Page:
111 K Street NE
Washington, DC 20002
- Toll Free 1.888.564.6273
- Local 202.783.3870
November 15, 2005
The U.S. Senate
On behalf of the 700,000 members of FreedomWorks, I urge Congress to carefully weigh the effects of raising Medicaid rebates on generic drugs. One issue under consideration is increasing the current rebate from 11 percent to 17 percent— a jump of more than 50 percent. While it is important to establish measures to contain the costs of Medicaid expenditures, it is necessary to examine the potential unintended consequences of changes in the rebate. In particular, excessive rebates may force some generic manufacturers out of the market, leaving taxpayers to cover the higher costs of brand name prescriptions. Rather than establishing artificial constraints on pricing flexibility, it may be more warranted to pursue more fundamental reforms of Medicaid in pursuit of a market-based health care system.
Prescription drugs play an important role in the delivery of health care and are a rapidly increasing component of Medicaid expenditures. As the Congressional Budget Office noted, federal fee-for-service drug expenditures under Medicaid have been increasing at more than 15 percent annually. In 2004, combined federal and state drug expenditures totaled more than $30 billion. Overall, Medicaid is one of the largest expenditures by state governments, and the increasing role of prescription drugs in health care delivery suggests that concerns over the costs of the program are warranted.
However, increasing the rebate on generic drugs may not ultimately contain costs. Generic brands, which offer low-cost alternatives to brand name pharmaceuticals, face more intense competition and operate at thinner margins. Increasing the rebate that these companies must provide state governments could have the effect of reducing the number of participating prescription drug manufacturers. Should generic providers no longer find it feasible to participate in the market, the remaining alternative may be more costly brand-name drugs, leaving states and taxpayers facing higher costs.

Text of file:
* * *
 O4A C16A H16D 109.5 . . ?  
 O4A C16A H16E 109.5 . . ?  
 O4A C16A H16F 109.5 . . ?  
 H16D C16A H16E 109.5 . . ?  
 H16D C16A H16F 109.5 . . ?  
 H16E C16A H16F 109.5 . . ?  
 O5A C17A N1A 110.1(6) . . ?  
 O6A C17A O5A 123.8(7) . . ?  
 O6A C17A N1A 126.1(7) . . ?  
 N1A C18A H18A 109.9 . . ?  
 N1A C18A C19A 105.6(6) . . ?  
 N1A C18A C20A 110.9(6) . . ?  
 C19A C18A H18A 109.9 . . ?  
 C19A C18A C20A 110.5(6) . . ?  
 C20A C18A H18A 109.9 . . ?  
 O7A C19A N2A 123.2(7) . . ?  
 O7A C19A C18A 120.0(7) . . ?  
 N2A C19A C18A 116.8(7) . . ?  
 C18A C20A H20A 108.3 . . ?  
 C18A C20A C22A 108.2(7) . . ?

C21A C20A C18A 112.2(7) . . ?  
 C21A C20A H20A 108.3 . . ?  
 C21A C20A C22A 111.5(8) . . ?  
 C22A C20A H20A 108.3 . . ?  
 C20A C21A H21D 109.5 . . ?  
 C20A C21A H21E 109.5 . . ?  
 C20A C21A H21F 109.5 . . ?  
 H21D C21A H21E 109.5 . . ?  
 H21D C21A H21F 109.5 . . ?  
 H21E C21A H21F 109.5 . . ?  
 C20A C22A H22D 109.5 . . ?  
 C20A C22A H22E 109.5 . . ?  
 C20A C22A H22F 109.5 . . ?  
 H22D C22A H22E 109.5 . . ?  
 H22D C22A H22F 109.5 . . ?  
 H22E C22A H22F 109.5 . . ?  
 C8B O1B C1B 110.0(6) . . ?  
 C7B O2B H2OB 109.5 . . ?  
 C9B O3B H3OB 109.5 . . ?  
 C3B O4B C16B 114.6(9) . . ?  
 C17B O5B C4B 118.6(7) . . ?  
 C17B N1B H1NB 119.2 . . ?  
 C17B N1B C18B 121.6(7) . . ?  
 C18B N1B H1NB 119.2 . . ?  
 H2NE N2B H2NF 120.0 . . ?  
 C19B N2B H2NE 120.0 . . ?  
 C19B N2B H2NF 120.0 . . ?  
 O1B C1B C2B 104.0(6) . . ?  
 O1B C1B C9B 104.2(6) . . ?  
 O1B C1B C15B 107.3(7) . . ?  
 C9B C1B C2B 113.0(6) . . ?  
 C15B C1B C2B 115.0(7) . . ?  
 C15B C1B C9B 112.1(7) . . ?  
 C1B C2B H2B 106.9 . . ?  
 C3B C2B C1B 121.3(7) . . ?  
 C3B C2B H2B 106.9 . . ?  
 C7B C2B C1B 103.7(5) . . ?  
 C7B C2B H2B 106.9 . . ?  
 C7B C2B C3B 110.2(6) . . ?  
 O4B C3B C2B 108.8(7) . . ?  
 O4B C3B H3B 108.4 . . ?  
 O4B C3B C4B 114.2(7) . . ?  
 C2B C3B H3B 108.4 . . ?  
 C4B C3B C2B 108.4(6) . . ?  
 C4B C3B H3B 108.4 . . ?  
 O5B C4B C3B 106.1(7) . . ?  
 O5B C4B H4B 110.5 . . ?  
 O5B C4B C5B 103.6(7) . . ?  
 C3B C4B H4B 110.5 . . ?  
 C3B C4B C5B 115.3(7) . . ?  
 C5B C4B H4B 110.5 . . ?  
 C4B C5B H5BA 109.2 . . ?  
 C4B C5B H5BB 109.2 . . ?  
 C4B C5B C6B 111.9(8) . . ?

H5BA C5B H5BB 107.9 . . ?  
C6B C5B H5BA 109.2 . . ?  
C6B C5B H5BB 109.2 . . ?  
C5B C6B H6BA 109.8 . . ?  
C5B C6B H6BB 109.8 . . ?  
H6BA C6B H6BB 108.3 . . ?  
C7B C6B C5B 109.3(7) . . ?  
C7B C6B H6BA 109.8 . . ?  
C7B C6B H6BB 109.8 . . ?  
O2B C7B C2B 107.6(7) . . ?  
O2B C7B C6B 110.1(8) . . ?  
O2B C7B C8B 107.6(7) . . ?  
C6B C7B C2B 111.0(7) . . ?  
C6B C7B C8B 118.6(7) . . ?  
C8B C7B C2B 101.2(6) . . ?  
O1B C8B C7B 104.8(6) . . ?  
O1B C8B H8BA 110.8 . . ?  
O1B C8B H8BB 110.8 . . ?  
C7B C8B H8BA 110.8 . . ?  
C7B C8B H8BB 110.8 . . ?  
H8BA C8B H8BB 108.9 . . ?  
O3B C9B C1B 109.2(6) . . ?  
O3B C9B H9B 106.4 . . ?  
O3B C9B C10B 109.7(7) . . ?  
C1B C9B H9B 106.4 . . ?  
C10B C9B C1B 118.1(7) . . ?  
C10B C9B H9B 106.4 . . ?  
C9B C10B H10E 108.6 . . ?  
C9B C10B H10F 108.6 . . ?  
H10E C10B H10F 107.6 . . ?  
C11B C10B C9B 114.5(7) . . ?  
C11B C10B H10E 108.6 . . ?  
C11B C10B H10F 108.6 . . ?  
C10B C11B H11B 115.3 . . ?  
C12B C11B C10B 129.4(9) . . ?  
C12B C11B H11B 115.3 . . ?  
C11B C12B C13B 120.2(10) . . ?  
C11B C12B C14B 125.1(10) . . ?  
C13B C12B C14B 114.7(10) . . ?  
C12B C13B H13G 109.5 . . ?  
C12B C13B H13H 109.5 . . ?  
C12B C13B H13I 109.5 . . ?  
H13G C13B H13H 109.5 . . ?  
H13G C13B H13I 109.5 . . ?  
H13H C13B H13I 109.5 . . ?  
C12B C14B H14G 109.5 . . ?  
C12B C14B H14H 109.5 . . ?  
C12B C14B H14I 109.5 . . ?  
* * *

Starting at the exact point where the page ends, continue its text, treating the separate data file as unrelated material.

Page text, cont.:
These results are not simply theoretical. States that have sought supplemental rebates found themselves facing a reduced number of manufacturers as generics left the market.
Medicaid is in need of fundamental reform, and simply increasing rebates ignores the more significant problems with the program. The program has become an increasingly costly way to deliver health care, with few incentives to promote competition or control prices. Among other things, Medicaid reform should encourage increased usage of low cost generic alternatives. Establishing new mandated rebates for prescription drugs is a veiled attempt at price controls that hampers rather than promotes market-based reforms for Medicaid. Indeed, Congress rejected this approach in the Medicare prescription drug bill and should be wary of applying such policies when attempting to reform Medicaid. This is particularly true when there is, in fact, vigorous market competition for generic drugs. Should rebates hamper the degree of competition and reduce the number of participating manufacturers, it is not evident that such an approach would generate real savings for the states or the federal government.
Given these concerns, FreedomWorks encourages Congress to examine meaningful reform of Medicaid rather than attempting to resolve more elemental problems through larger generic rebates